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Sports Injuries

Kids love playing sports—so much so that over 21 million children in the US between ages 6 and 17 play an organized sport. And even more play sports on their own, during recess, after school, etc.


With all of that activity, it’s no surprise that there are millions of sports-related injuries each year. While some are minor, many are serious—landing almost 3 million US children in the emergency room every year for sports or recreation-related injuries.  


Unfortunately, since there are so many sports, there are also many ways children can hurt themselves.

Some of the most common types of injuries include:

Sprains and strains

Ligaments are bands of tissue that connect two or more bones at a joint, and stop a joint from moving too much. When a ligament is injured, it is called a sprain. Ankle sprains are the most common sprains—in fact, they’re the most common sports injury.

A strain is similar to a sprain—it occurs when there is a tissue injury. However, a strain means there is damage to a muscle or tendon (the cord of tissue that connects muscles and bones).

Growth plate injuries

Children and adolescents have growth plates—areas of tissue that develop at the ends of long bones (e.g., fingers and toes, forearm, thigh bone). Once a child finishes growing, the growth plate is replaced by solid bone.

Most growth plate injuries affect the knee, heel, shoulder, or elbow.

Repetitive motion or overuse injuries

If a child is constantly moving a part of the body—by, for example, pitching a baseball, swinging a tennis racket, or running cross-country—he may develop a repetitive motion or overuse injury.

Stress fractures and tendinitis are two of the most common types of repetitive or overuse. A stress fracture is a small crack or weak spot in a bone. Tendinitis occurs when one or more tendons becomes irritated or inflamed.  


A fracture is a broken bone. Most fractures are in the arms and legs, and a child is most likely to have a fracture in his wrist, forearm, or right above the elbow.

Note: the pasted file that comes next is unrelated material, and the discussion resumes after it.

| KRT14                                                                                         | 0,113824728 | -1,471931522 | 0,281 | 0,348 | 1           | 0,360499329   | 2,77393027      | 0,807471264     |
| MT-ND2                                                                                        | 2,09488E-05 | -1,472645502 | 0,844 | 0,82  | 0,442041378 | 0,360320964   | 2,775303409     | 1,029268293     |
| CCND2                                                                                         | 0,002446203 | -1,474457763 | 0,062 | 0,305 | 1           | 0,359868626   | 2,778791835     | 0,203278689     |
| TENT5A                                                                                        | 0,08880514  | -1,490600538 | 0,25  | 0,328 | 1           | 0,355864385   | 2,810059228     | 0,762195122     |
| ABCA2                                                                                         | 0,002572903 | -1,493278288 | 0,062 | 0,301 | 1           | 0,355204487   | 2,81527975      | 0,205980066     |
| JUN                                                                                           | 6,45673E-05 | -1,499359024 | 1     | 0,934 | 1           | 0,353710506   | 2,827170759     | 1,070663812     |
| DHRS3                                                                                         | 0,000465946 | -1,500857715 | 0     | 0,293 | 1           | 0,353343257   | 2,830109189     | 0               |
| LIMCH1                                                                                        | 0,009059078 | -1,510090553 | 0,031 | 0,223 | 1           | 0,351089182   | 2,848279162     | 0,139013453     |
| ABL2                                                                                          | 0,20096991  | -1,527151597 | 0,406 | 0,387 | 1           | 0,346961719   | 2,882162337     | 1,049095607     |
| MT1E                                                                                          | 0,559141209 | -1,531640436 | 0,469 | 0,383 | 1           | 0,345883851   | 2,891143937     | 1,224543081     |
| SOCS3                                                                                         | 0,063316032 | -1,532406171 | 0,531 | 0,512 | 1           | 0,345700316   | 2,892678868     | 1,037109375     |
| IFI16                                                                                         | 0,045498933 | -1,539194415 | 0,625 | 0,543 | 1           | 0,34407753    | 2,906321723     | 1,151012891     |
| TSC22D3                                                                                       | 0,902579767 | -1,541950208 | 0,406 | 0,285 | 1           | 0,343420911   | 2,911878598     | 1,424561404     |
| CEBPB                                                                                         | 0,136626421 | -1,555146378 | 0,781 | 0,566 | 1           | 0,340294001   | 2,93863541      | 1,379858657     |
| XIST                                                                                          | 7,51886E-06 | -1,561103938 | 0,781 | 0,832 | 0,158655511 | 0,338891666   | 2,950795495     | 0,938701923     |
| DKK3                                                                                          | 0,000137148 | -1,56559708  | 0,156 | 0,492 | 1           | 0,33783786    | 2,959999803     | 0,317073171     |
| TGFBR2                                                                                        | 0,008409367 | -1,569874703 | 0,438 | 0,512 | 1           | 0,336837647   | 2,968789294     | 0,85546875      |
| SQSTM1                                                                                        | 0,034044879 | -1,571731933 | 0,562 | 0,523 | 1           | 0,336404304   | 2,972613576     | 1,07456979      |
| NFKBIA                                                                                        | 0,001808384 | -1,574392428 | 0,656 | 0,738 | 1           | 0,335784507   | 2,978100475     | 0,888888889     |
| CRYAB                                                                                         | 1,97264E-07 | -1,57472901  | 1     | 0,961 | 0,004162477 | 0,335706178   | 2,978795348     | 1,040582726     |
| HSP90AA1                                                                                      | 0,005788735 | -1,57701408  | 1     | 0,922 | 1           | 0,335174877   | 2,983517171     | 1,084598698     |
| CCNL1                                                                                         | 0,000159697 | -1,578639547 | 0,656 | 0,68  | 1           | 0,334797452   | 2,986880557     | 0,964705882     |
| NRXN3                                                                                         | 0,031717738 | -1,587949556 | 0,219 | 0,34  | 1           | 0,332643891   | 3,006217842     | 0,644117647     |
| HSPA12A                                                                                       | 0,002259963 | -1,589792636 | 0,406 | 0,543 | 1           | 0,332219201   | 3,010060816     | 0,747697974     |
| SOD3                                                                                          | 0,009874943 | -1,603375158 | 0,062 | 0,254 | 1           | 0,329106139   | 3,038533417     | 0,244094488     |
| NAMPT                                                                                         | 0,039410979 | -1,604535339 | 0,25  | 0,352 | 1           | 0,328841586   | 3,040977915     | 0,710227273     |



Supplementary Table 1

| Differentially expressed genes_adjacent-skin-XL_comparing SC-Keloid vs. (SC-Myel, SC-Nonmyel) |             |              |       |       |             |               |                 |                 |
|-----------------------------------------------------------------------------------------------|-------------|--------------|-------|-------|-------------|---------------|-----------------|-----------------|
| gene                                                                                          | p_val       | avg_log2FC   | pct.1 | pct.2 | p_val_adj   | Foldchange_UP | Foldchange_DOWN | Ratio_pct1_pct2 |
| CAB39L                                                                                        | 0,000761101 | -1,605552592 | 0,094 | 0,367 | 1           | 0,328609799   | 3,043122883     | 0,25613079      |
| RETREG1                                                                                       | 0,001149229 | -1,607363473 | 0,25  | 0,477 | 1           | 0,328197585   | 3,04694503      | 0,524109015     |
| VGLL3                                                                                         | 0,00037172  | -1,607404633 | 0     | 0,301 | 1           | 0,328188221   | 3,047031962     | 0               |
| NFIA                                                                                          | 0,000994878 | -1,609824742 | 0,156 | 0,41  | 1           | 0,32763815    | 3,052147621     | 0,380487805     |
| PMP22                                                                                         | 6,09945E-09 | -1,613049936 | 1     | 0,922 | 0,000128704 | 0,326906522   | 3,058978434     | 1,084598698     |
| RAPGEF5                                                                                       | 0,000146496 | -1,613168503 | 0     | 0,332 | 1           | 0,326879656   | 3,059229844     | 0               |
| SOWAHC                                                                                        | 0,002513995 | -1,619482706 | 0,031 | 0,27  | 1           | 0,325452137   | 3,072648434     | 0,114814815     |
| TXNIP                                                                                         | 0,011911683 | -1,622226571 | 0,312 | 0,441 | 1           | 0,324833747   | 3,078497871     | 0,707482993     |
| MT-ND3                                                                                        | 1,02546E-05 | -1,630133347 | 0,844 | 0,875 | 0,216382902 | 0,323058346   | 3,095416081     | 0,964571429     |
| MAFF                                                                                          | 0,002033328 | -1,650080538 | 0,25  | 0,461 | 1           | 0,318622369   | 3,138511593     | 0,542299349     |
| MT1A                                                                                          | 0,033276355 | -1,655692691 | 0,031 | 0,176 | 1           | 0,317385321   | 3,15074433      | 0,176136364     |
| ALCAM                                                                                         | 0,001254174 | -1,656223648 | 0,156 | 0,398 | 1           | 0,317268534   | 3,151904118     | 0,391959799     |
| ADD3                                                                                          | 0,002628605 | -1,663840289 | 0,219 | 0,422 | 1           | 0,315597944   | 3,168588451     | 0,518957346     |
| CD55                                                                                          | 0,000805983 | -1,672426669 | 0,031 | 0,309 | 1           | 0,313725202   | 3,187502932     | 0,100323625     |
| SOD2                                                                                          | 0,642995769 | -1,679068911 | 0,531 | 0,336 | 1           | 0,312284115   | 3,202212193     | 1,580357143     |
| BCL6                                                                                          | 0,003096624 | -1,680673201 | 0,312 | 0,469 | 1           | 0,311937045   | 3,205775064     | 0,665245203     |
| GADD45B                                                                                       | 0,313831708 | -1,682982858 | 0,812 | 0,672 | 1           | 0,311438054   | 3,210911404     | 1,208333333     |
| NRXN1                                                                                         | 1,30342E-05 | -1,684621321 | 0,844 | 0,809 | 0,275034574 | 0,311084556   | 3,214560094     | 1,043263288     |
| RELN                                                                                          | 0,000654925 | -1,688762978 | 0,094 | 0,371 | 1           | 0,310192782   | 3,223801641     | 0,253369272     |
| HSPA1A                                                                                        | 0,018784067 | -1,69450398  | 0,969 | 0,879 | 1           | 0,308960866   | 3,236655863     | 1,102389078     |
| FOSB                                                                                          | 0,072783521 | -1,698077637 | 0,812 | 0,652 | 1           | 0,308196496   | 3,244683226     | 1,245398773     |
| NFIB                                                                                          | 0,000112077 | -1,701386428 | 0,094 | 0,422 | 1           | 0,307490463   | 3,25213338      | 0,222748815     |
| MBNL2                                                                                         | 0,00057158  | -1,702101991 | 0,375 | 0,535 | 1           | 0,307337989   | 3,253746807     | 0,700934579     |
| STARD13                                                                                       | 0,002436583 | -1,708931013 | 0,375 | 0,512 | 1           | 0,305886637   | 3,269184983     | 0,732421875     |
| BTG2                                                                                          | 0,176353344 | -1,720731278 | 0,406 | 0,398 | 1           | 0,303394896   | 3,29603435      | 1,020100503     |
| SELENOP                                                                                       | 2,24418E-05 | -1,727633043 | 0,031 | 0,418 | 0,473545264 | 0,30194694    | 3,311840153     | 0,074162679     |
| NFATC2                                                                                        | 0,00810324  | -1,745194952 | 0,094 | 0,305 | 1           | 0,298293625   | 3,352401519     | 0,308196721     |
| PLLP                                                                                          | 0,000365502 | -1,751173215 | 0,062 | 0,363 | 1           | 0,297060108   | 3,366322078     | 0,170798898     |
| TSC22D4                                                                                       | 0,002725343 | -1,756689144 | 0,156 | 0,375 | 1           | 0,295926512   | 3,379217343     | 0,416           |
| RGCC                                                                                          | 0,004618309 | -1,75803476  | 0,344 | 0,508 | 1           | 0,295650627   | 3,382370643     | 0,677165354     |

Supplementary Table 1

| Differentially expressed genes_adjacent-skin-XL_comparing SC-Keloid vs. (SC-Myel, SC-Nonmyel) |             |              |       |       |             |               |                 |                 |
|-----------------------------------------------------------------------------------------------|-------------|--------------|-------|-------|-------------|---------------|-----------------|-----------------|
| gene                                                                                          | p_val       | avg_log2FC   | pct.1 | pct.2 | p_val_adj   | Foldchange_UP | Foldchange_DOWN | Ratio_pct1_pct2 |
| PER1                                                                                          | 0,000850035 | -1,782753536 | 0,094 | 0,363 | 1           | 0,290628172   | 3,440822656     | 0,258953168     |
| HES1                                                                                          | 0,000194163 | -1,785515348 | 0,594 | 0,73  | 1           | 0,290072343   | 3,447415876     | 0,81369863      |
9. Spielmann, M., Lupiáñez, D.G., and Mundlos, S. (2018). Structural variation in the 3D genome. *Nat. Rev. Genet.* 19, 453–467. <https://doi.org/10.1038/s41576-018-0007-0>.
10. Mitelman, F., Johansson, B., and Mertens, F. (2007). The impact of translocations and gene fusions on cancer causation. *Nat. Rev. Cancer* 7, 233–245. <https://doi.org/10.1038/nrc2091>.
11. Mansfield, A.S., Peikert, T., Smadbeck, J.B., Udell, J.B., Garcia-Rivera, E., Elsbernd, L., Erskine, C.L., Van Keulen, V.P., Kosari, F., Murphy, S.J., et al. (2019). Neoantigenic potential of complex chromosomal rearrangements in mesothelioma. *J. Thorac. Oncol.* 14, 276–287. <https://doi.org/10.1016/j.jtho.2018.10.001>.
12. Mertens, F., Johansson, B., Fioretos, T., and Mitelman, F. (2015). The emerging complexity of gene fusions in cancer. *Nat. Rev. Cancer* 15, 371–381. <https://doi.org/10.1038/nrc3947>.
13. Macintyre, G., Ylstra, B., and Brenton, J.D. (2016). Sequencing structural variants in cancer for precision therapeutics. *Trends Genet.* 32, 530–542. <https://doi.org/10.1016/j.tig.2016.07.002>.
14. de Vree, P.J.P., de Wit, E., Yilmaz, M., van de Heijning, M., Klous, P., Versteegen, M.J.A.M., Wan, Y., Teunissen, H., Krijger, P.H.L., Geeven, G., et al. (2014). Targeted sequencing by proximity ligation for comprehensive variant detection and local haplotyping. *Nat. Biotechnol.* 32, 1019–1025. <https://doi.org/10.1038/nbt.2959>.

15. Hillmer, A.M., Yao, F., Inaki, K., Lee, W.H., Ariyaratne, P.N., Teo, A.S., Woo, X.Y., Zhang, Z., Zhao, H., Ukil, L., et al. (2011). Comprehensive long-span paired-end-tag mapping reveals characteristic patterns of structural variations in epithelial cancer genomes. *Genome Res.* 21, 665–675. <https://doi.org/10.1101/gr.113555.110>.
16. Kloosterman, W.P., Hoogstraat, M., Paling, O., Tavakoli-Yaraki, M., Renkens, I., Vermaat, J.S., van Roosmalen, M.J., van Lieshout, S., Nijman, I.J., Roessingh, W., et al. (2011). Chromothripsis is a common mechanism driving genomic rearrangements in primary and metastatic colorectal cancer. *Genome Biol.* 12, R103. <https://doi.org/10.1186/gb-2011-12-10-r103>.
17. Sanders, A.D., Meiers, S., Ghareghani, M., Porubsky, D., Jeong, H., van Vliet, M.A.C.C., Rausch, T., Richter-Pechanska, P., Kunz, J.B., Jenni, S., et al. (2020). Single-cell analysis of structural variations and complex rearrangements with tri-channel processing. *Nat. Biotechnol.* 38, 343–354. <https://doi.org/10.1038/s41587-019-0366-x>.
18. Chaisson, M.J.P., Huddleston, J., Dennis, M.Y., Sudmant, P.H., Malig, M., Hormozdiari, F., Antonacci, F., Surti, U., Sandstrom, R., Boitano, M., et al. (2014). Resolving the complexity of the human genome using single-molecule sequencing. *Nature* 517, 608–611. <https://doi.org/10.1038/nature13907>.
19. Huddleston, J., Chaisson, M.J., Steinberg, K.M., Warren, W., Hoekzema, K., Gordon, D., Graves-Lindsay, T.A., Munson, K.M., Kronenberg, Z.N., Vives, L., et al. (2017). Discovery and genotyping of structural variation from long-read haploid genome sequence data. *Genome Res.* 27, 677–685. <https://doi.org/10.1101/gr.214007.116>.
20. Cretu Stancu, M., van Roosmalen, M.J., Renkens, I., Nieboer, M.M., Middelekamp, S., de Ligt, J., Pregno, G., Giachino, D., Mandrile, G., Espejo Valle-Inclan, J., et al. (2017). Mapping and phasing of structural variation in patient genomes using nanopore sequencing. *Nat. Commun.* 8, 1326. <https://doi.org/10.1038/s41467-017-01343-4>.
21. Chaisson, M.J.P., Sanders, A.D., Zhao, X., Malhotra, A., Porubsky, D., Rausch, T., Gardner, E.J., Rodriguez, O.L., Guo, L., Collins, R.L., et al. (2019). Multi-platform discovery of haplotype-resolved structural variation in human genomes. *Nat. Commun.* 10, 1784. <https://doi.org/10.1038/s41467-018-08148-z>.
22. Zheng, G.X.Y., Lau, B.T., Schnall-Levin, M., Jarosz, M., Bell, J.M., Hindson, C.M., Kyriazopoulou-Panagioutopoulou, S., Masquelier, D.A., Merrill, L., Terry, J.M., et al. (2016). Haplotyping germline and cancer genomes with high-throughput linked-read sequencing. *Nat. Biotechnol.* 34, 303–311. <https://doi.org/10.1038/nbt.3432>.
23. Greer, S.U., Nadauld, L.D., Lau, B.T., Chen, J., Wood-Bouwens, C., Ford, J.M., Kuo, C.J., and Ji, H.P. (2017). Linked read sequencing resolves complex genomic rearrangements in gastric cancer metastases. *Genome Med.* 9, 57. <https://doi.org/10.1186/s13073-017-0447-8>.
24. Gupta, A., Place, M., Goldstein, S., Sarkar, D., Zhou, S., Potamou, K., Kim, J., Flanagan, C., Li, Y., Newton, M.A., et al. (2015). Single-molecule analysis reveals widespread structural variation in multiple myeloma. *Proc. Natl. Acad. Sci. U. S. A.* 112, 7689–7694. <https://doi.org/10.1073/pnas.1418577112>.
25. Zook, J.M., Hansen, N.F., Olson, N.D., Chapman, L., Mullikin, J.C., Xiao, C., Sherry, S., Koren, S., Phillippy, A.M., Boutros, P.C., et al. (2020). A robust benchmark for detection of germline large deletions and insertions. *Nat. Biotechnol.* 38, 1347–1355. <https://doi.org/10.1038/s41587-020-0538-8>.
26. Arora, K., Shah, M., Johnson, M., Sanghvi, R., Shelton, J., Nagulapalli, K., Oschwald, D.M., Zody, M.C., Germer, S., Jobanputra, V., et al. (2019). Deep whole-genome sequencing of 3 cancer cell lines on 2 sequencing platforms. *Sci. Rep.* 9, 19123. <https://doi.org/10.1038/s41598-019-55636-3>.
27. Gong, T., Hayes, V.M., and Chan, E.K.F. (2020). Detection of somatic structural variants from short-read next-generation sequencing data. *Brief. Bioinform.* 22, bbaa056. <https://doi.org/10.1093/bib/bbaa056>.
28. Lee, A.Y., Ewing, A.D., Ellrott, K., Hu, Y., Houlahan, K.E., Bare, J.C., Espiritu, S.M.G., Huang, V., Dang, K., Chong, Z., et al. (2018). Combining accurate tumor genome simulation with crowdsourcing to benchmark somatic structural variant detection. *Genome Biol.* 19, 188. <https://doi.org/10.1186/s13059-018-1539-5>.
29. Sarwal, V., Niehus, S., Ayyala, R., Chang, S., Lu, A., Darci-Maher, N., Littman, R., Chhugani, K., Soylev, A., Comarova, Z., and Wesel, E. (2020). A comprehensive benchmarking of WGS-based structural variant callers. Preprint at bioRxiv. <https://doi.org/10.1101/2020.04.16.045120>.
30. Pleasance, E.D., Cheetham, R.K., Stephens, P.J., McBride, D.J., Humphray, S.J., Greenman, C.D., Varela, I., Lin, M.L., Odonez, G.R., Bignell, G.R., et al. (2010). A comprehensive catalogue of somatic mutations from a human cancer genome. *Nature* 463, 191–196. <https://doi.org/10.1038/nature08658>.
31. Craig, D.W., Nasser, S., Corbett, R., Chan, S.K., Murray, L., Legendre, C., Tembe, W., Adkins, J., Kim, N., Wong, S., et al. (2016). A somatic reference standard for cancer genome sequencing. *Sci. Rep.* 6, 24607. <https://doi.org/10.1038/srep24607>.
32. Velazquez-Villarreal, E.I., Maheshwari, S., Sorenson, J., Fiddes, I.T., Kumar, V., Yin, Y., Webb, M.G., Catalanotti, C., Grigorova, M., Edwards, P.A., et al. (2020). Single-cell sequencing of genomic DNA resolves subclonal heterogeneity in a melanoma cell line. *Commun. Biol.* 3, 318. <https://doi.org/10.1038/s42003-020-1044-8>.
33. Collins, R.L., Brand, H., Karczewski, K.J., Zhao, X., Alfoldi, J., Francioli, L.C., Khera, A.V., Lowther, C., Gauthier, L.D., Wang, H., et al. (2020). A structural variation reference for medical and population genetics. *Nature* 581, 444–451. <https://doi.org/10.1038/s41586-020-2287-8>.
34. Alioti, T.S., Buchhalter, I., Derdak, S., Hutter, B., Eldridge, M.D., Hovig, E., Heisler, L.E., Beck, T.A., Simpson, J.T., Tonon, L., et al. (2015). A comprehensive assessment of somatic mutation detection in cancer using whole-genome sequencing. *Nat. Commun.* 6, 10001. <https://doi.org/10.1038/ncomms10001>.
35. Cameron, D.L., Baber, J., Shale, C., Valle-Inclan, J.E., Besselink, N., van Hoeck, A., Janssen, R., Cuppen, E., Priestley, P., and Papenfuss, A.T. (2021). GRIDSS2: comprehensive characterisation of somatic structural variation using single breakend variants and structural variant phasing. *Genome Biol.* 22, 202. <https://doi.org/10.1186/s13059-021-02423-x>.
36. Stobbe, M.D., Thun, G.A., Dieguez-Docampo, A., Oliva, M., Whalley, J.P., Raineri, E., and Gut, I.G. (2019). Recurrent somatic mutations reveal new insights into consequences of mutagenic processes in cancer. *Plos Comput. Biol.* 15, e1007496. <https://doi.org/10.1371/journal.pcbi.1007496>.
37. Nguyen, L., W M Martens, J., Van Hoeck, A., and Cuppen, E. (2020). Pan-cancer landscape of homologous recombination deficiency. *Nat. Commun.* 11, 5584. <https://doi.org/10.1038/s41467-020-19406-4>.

Symptoms vary greatly, depending on the type and severity of the injury. A child may notice pain, tenderness, swelling, or bruising around the injury. In more severe cases, a bone or limb might appear to be out of place.

Sometimes, a child may also have limited functioning due to an injury. For example, a sprained ankle could make it hard for him to walk, or a broken wrist could make it difficult to do something simple, like grasp a pencil.


There are many reasons that a child could get a sports injury. Some of the most common causes include:

  • Trauma or a blow (e.g., falling, getting hit with a ball)
  • Repetitive motion or overuse
  • Poor training methods
  • Not enough warm-up or cool-down exercises


For smaller injuries, a physical exam might be enough to make a diagnosis. But often, a physician will want to take imaging tests, like X-rays or computed tomography (CT) scans. This will give her a better idea of the type and severity of the injury so that she can develop the right treatment plan.



Kids will be kids—which means sports injuries aren’t always preventable. But with a little sports safety, a child may be able to lower her risk of getting injured during play. Protective sports gear, well-fitting shoes, good hydration, and proper warm-up and cool-down exercises can go a long way toward keeping a child safe.  

The OIC Sports Injuries Team

At OIC, the sports team includes a wide range of specialists at two different locations (Downtown and Santa Monica) to treat your child.  

Our team includes four pediatric orthopaedic surgeons (one of whom holds dual training and accreditation in pediatric orthopaedic surgery and orthopaedic sports medicine), 1 non-operative sports medicine physician with training and accredation in sports medicine, 6 nurse practitioners, medical assistants, and a network of physical therapists convenient to both locations.

Our goal at OIC is to help each child return to his or her sport activities as quickly and safely as possible with the shortest possible recovery time.